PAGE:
- Increased speculation and doubt. The timing of the dissolution could not have come at a more unfortunate moment. Over the weekend, the company received broad headline exposure in the New York Times. Just as more people begin to watch this company, it appeared to significantly lose face through this announcement. Previously, the company had a knack for consistently meeting expectations. However, this event is likely to reintroduce an amount of speculative concern back into the company's share price due to the rise in uncertainty.
Evaluating the Positives:
- The company regains the rights to produce oils using non-recombinant technology. Read another way, Solazyme now regains the full spectrum of products derived from non-genetically-modified organisms. Specifically, the rights to human foods, animal feed, and nutraceuticals were all covered under this agreement. With nutrition poised to be one of Solazyme's largest markets, the ability to gain full rights of production here may be a significant positive for the company. This gives the company significant ease of access into the market with product lines that are less likely to face regulatory concern or delays.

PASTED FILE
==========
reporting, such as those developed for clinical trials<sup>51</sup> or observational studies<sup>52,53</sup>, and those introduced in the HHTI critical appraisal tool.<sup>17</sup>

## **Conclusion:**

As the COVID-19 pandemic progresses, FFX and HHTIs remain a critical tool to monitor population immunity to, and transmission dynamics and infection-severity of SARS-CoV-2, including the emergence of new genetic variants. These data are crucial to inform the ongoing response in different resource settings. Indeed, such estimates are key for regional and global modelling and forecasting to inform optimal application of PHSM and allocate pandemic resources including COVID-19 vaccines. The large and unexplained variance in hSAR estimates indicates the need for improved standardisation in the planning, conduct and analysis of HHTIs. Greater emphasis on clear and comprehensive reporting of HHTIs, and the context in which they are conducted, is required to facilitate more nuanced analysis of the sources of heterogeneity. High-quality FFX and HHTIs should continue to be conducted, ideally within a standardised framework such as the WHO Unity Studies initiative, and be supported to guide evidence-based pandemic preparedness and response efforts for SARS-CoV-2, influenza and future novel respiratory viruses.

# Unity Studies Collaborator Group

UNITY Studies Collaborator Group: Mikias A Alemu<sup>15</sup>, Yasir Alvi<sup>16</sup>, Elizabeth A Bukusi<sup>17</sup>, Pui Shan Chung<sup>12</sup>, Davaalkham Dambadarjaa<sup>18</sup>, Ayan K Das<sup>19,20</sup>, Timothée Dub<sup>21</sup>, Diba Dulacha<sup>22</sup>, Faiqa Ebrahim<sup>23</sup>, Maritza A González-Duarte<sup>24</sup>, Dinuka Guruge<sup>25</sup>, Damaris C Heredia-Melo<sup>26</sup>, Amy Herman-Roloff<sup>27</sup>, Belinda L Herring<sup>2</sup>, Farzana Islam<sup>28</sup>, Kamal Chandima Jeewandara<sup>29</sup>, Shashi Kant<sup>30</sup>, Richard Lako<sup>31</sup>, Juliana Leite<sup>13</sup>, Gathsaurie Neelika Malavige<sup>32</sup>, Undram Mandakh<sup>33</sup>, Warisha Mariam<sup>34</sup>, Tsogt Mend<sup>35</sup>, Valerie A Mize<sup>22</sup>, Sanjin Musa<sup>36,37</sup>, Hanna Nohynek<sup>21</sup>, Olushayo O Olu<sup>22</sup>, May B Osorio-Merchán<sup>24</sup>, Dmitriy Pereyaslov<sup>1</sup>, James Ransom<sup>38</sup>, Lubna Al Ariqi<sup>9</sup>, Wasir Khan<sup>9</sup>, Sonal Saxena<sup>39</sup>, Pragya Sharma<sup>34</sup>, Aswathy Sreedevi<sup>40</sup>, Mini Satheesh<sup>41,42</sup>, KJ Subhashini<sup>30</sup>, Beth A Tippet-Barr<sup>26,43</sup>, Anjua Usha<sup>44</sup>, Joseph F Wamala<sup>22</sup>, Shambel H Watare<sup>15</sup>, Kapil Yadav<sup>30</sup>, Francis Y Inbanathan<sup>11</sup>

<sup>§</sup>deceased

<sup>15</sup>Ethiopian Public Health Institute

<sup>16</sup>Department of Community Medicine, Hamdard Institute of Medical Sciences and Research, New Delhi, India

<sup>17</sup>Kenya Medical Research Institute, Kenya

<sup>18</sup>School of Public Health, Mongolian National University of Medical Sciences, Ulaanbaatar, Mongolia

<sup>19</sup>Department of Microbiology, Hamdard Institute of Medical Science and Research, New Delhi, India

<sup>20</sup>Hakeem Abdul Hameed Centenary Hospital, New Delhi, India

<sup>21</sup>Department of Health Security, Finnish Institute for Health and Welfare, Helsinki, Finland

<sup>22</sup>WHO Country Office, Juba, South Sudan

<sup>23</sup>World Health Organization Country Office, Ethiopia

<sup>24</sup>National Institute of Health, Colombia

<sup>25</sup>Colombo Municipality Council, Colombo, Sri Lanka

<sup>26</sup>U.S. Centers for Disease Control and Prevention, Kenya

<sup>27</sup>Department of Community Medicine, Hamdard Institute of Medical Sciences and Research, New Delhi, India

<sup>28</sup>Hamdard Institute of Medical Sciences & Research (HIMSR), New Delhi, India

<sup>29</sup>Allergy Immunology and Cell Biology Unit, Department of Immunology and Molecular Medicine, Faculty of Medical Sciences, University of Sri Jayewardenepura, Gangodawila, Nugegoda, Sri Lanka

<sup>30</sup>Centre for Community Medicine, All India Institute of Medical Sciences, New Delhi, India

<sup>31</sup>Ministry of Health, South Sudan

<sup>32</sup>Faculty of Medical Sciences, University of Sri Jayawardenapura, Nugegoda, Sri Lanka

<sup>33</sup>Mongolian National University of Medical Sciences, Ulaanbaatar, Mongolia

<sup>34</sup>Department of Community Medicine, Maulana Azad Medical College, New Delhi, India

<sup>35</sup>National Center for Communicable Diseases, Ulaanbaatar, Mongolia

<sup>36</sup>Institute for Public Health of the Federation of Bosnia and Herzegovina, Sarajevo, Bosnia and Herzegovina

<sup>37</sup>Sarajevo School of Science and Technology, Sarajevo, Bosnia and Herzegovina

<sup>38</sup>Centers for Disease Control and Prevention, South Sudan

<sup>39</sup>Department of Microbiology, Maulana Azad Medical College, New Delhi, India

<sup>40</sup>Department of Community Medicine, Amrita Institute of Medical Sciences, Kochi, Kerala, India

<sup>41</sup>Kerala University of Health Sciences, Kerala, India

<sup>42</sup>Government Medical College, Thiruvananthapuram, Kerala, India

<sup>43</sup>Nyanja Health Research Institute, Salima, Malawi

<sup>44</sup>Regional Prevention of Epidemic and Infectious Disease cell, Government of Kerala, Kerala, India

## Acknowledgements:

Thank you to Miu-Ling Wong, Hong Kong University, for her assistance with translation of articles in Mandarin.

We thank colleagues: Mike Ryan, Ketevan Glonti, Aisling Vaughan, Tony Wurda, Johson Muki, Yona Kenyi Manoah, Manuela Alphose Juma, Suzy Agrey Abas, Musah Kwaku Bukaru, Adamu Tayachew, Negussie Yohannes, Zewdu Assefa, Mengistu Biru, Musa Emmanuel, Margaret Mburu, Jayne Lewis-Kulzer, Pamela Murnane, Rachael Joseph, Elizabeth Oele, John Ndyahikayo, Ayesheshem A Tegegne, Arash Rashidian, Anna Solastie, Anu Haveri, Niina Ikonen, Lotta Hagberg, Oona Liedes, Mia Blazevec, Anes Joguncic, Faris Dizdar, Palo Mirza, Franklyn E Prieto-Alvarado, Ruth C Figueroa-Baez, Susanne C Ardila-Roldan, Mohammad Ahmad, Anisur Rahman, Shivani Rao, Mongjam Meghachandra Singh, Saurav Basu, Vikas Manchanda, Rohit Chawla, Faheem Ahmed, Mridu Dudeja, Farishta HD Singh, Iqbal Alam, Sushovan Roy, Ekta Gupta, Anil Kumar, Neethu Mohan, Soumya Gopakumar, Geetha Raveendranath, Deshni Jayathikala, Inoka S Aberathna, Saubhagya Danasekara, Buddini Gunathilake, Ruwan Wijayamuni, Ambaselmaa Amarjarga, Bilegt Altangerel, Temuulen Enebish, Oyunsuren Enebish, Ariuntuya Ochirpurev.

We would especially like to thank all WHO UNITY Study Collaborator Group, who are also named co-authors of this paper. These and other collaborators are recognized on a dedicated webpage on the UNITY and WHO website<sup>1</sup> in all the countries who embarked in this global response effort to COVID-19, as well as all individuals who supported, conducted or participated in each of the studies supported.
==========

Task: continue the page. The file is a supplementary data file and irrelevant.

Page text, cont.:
- No negative impact to revenue outlook for 2013. According to management, the dissolution will have no impact on Solazyme's revenues for the present year. Indeed, phase 3 would've had the most significant impact to revenues but would likely not have come online until late 2014 at the earliest.
- Retaining the human capital. With the majority of SRN's staff being offered positions and all of the offers being accepted, Solazyme gains one of the most valuable assets of the company. Not only does this further reaffirm that Solazyme's technology was never in question, but it also helps to accelerate the rapid deployment of the company's regained operations.
- Additional approval from key partners. CEO Jonathan Wolfson affirmed that the company's key partners provided feedback that was "very positive." Combined with the intentions to further incorporate drying equipment into the facilities owned by these partners, their approvals may even suggest that the break-up opens new opportunities for them as well. The introduction of non-recombinant products to go alongside Solazyme's tailored oils may further fortify the relationship with each company.